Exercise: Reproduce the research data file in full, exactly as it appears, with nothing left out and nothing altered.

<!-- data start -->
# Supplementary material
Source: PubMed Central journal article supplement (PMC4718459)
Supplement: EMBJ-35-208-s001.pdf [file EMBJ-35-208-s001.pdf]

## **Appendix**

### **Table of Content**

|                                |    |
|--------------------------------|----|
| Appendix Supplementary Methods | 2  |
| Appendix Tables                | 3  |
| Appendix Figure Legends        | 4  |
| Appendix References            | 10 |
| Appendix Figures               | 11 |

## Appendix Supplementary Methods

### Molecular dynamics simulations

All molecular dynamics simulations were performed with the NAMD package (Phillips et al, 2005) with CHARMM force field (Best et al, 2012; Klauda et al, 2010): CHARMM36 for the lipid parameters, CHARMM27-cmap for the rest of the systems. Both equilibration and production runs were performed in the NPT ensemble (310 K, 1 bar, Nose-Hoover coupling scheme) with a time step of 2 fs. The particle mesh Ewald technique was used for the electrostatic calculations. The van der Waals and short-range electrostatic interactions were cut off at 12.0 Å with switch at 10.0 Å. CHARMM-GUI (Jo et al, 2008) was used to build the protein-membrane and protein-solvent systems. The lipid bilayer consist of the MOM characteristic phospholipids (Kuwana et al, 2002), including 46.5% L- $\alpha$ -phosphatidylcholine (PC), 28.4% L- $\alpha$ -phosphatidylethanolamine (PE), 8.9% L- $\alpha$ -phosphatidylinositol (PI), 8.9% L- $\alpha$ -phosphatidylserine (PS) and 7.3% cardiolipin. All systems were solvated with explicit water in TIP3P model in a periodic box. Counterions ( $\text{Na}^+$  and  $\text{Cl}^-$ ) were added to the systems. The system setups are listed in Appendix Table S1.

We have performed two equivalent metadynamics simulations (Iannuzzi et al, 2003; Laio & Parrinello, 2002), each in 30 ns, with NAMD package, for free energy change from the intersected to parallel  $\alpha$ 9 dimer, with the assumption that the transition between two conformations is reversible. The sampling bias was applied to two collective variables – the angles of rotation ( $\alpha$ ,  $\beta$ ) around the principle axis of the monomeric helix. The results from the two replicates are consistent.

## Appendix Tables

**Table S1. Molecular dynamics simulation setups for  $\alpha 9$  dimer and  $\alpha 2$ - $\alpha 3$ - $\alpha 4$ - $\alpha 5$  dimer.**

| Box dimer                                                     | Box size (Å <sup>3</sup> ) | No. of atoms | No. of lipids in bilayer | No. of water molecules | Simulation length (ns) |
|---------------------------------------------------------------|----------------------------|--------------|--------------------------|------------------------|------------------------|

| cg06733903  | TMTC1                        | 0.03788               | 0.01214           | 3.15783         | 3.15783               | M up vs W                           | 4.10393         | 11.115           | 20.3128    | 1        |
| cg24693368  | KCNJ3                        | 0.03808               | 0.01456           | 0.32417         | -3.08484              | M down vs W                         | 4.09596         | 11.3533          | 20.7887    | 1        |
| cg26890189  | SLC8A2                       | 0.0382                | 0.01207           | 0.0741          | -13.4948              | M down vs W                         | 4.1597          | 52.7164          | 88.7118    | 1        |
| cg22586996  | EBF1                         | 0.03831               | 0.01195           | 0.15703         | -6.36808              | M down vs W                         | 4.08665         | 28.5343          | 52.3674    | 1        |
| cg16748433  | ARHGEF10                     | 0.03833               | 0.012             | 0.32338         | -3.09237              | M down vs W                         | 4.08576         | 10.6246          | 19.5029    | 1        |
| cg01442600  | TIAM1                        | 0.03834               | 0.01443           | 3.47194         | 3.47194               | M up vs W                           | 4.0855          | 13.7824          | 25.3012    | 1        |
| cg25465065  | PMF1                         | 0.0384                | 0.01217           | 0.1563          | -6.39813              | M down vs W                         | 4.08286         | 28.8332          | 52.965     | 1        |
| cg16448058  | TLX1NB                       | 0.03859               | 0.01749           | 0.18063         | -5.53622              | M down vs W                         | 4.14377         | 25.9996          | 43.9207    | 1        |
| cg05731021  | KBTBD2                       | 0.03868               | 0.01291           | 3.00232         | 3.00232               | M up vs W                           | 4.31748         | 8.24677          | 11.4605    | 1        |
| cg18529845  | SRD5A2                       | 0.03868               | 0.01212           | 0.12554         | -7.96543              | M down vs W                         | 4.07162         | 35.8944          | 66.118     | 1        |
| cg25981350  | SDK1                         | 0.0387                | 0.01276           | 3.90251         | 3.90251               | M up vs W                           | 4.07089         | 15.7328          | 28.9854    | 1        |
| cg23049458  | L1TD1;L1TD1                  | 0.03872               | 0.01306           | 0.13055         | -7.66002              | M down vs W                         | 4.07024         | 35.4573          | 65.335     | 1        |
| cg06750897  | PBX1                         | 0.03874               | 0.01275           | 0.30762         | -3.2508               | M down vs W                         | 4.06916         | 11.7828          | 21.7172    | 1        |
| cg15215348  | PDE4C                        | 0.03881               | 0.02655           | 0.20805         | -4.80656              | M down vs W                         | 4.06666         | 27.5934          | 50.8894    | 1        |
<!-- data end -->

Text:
# Supplementary material
Source: PubMed Central journal article supplement (PMC4718459)
Supplement: EMBJ-35-208-s001.pdf [file EMBJ-35-208-s001.pdf]

## **Appendix**

### **Table of Content**

|                                |    |
|--------------------------------|----|
| Appendix Supplementary Methods | 2  |
| Appendix Tables                | 3  |
| Appendix Figure Legends        | 4  |
| Appendix References            | 10 |
| Appendix Figures               | 11 |

## Appendix Supplementary Methods

### Molecular dynamics simulations

All molecular dynamics simulations were performed with the NAMD package (Phillips et al, 2005) with CHARMM force field (Best et al, 2012; Klauda et al, 2010): CHARMM36 for the lipid parameters, CHARMM27-cmap for the rest of the systems. Both equilibration and production runs were performed in the NPT ensemble (310 K, 1 bar, Nose-Hoover coupling scheme) with a time step of 2 fs. The particle mesh Ewald technique was used for the electrostatic calculations. The van der Waals and short-range electrostatic interactions were cut off at 12.0 Å with switch at 10.0 Å. CHARMM-GUI (Jo et al, 2008) was used to build the protein-membrane and protein-solvent systems. The lipid bilayer consist of the MOM characteristic phospholipids (Kuwana et al, 2002), including 46.5% L- $\alpha$ -phosphatidylcholine (PC), 28.4% L- $\alpha$ -phosphatidylethanolamine (PE), 8.9% L- $\alpha$ -phosphatidylinositol (PI), 8.9% L- $\alpha$ -phosphatidylserine (PS) and 7.3% cardiolipin. All systems were solvated with explicit water in TIP3P model in a periodic box. Counterions ( $\text{Na}^+$  and  $\text{Cl}^-$ ) were added to the systems. The system setups are listed in Appendix Table S1.

We have performed two equivalent metadynamics simulations (Iannuzzi et al, 2003; Laio & Parrinello, 2002), each in 30 ns, with NAMD package, for free energy change from the intersected to parallel  $\alpha$ 9 dimer, with the assumption that the transition between two conformations is reversible. The sampling bias was applied to two collective variables – the angles of rotation ( $\alpha$ ,  $\beta$ ) around the principle axis of the monomeric helix. The results from the two replicates are consistent.

## Appendix Tables

**Table S1. Molecular dynamics simulation setups for  $\alpha 9$  dimer and  $\alpha 2$ - $\alpha 3$ - $\alpha 4$ - $\alpha 5$  dimer.**

| Box dimer                                                     | Box size (Å <sup>3</sup> ) | No. of atoms | No. of lipids in bilayer | No. of water molecules | Simulation length (ns) |
|---------------------------------------------------------------|----------------------------|--------------|--------------------------|------------------------|------------------------|

| cg06733903  | TMTC1                        | 0.03788               | 0.01214           | 3.15783         | 3.15783               | M up vs W                           | 4.10393         | 11.115           | 20.3128    | 1        |
| cg24693368  | KCNJ3                        | 0.03808               | 0.01456           | 0.32417         | -3.08484              | M down vs W                         | 4.09596         | 11.3533          | 20.7887    | 1        |
| cg26890189  | SLC8A2                       | 0.0382                | 0.01207           | 0.0741          | -13.4948              | M down vs W                         | 4.1597          | 52.7164          | 88.7118    | 1        |
| cg22586996  | EBF1                         | 0.03831               | 0.01195           | 0.15703         | -6.36808              | M down vs W                         | 4.08665         | 28.5343          | 52.3674    | 1        |
| cg16748433  | ARHGEF10                     | 0.03833               | 0.012             | 0.32338         | -3.09237              | M down vs W                         | 4.08576         | 10.6246          | 19.5029    | 1        |
| cg01442600  | TIAM1                        | 0.03834               | 0.01443           | 3.47194         | 3.47194               | M up vs W                           | 4.0855          | 13.7824          | 25.3012    | 1        |
| cg25465065  | PMF1                         | 0.0384                | 0.01217           | 0.1563          | -6.39813              | M down vs W                         | 4.08286         | 28.8332          | 52.965     | 1        |
| cg16448058  | TLX1NB                       | 0.03859               | 0.01749           | 0.18063         | -5.53622              | M down vs W                         | 4.14377         | 25.9996          | 43.9207    | 1        |
| cg05731021  | KBTBD2                       | 0.03868               | 0.01291           | 3.00232         | 3.00232               | M up vs W                           | 4.31748         | 8.24677          | 11.4605    | 1        |
| cg18529845  | SRD5A2                       | 0.03868               | 0.01212           | 0.12554         | -7.96543              | M down vs W                         | 4.07162         | 35.8944          | 66.118     | 1        |
| cg25981350  | SDK1                         | 0.0387                | 0.01276           | 3.90251         | 3.90251               | M up vs W                           | 4.07089         | 15.7328          | 28.9854    | 1        |
| cg23049458  | L1TD1;L1TD1                  | 0.03872               | 0.01306           | 0.13055         | -7.66002              | M down vs W                         | 4.07024         | 35.4573          | 65.335     | 1        |
| cg06750897  | PBX1                         | 0.03874               | 0.01275           | 0.30762         | -3.2508               | M down vs W                         | 4.06916         | 11.7828          | 21.7172    | 1        |
| cg15215348  | PDE4C                        | 0.03881               | 0.02655           | 0.20805         | -4.80656              | M down vs W                         | 4.06666         | 27.5934          | 50.8894    | 1        |